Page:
The Beetle CatPhoto Credit : Billy Black
Sailors love to argue, so it’s no surprise they can’t agree on what cats have to do with catboats. Some say there’s a feline agility in how these broad-beamed, single-masted sailboats can dart in and out of shallow coastal waters; others claim that when first used by New England fishermen in the mid-19th century, the boats were magnets for hungry local cats.
Bill Womack isn’t ready to settle that argument. But when it comes to the classic Cape Cod catboat known as the Beetle Cat, he does see a definite “nine lives” connection. “There are so many times in the past 100 years where if certain people hadn’t stepped in or had a real love for this boat,” he says, “the Beetle Cat wouldn’t be here today.”
As the current owner of Beetle Inc. in Wareham, Massachusetts, which still builds the little wooden sailboat that John Beetle of New Bedford first launched in 1921, Womack is one of those people. Another is Leo J. Telesmanick, who started as a 15-year-old apprentice in the original Beetle family shop and went on to oversee the construction of virtually every Beetle Cat made before he passed away in 2001.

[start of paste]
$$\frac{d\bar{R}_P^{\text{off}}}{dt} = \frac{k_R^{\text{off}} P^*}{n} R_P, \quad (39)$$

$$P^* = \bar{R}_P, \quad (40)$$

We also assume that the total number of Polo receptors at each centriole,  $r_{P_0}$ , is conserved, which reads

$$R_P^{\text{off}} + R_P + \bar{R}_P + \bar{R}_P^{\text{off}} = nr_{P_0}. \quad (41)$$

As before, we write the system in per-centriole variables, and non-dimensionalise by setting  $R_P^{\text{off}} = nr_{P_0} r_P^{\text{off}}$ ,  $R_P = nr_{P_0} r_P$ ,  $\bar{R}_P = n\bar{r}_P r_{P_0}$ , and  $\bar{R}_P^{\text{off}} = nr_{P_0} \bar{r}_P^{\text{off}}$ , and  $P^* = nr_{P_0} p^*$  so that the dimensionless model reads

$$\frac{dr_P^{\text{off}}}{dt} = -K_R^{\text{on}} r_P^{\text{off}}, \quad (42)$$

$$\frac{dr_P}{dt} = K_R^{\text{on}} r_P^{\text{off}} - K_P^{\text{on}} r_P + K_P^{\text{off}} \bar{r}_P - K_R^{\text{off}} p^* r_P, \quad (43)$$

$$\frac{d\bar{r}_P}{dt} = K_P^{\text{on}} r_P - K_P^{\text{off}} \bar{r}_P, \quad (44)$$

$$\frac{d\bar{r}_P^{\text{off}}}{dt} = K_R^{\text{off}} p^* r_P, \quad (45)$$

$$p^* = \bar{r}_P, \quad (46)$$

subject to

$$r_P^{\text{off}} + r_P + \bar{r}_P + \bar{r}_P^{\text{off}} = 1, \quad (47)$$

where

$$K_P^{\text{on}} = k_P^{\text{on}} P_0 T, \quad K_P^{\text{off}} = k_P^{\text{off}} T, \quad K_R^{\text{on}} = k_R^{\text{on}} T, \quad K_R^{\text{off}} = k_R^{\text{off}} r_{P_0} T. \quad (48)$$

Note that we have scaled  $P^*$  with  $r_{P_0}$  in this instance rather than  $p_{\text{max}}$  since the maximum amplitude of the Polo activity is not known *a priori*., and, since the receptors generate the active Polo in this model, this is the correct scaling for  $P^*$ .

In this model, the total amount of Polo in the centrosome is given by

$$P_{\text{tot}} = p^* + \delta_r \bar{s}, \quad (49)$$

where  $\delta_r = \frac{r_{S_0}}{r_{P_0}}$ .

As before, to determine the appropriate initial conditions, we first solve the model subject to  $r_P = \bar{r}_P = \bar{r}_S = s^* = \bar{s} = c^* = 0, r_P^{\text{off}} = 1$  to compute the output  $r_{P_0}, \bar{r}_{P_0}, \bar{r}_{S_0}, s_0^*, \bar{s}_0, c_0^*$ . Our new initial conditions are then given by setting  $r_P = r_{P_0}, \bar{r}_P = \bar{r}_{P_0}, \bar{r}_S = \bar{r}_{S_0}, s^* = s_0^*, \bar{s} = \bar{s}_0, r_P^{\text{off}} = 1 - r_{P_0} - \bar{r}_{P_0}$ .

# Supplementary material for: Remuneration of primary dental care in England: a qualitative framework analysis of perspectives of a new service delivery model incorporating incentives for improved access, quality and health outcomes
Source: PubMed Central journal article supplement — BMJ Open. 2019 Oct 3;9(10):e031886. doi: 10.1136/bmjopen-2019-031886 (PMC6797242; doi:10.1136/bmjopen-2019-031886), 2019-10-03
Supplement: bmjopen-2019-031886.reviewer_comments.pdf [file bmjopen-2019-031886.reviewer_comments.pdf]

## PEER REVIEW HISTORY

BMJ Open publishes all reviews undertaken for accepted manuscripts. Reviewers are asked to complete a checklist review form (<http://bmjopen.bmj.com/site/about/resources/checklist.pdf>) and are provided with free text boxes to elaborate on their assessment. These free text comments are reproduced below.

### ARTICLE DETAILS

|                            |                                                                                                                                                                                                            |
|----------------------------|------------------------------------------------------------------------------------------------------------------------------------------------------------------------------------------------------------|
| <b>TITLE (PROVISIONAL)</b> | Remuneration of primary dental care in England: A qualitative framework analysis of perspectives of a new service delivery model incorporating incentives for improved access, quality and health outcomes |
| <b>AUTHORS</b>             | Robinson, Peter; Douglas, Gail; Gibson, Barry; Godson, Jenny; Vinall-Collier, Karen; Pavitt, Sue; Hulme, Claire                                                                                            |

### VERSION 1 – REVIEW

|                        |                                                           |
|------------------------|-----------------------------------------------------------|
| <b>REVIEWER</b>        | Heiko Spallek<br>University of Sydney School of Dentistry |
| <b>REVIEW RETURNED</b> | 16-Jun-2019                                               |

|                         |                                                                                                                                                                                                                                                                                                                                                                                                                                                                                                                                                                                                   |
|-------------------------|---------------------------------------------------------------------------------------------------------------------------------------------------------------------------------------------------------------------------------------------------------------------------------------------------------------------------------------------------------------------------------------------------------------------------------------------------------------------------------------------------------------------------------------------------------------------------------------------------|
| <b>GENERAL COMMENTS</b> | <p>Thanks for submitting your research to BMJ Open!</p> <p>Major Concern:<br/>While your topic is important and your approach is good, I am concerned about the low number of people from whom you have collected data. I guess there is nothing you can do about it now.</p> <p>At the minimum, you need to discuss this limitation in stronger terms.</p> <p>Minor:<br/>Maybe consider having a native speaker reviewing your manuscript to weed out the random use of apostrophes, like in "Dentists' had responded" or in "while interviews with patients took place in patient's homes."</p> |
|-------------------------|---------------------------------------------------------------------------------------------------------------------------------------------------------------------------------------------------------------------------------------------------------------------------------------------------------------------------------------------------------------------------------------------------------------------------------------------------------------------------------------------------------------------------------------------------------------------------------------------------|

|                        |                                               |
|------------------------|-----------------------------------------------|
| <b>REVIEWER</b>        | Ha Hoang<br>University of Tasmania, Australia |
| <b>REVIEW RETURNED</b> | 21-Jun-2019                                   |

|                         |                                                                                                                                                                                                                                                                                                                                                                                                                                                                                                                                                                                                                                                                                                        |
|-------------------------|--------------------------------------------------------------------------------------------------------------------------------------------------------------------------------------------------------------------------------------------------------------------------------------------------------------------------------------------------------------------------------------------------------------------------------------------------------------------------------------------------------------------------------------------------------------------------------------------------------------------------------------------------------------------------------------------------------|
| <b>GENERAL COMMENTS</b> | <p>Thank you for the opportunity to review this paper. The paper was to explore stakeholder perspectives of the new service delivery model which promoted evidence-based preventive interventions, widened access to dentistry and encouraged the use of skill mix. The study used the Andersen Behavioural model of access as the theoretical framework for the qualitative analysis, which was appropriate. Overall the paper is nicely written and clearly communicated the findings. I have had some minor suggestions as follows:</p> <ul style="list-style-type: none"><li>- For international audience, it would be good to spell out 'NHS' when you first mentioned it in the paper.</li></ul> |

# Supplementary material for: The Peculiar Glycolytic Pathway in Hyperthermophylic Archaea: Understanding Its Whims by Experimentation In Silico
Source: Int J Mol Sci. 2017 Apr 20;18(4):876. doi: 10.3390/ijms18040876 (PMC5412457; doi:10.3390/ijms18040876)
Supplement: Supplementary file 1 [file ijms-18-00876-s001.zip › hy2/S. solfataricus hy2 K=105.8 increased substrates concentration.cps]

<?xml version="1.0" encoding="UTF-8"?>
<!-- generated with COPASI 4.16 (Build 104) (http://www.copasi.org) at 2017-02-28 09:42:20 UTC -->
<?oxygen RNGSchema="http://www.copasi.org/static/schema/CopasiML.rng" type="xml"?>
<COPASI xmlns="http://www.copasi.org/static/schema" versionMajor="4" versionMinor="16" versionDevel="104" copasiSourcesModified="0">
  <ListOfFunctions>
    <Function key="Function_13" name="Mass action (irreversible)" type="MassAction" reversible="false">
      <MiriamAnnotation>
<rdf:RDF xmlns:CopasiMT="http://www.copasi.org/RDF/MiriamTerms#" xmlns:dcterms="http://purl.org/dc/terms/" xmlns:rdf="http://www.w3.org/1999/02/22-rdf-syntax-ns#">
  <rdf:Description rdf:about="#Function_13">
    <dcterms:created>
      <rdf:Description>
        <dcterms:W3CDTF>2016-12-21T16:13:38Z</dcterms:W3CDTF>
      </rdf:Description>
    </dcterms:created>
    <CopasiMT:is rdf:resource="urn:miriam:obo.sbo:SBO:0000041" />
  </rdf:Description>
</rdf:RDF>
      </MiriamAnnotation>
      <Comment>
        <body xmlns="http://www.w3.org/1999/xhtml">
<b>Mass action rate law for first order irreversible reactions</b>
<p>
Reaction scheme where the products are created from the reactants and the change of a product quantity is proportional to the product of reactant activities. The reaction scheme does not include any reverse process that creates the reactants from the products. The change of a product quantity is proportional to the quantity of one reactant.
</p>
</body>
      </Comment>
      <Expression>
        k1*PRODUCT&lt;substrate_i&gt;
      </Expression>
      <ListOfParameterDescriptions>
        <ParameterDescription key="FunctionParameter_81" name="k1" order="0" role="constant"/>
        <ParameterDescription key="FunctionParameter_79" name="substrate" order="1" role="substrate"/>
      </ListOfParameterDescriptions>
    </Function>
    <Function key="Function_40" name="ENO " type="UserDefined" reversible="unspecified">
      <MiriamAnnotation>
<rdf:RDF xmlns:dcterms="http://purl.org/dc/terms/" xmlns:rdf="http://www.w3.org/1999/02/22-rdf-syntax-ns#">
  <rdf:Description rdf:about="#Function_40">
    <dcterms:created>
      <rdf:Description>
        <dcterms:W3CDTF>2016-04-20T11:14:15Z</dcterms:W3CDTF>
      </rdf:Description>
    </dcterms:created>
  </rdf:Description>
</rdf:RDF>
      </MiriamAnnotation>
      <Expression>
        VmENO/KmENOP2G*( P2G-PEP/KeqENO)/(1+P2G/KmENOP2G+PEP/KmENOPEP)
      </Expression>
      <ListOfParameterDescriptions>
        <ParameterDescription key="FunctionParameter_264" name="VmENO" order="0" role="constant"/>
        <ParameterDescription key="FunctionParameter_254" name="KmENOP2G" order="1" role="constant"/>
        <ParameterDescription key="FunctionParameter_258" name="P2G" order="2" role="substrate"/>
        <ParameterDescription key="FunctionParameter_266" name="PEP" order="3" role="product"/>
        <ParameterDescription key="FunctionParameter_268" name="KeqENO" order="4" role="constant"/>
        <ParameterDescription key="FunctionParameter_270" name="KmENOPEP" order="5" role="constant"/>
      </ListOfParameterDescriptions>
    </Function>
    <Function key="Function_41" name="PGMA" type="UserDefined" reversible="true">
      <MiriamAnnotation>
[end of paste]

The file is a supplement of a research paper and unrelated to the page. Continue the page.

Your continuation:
Womack’s shop still uses the mold that Telesmanick built in 1946, among other vintage tools and equipment. And why not? Little about the 12-foot, 4-inch Beetle Cat has changed in a century’s time: It’s entirely made from wood, and it’s entirely built by hand.
Also unchanged is the Beetle Cat’s appeal. One of the oldest wooden boat designs actively raced today, it’s nimble enough to have inspired Beetle Cat fleets up and down the New England coast—including at the Chatham Yacht Club, which this summer hosts the annual Leo J. Telesmanick Beetle Cat Championship Regatta (July 31–August 1). But it’s also roomy, sturdy, and easy to sail, making it a favorite for families. Jacqueline Kennedy Onassis bought one for her kids; so did author Nathaniel Philbrick.
Families, in fact, are a big part of what may ultimately keep the Beetle Cat from using up that fabled ninth life. There’s a devotion to this boat that builds from generation to generation, says Womack, whose shop stores and refurbishes many, many more old Beetle Cats than it makes new ones.
“The kids start out in it, then they get grown and put their kids in it, who put their kids in it,” he says. “And Granny can still sail it with the grandkids. In the end, it’s like a member of the family.”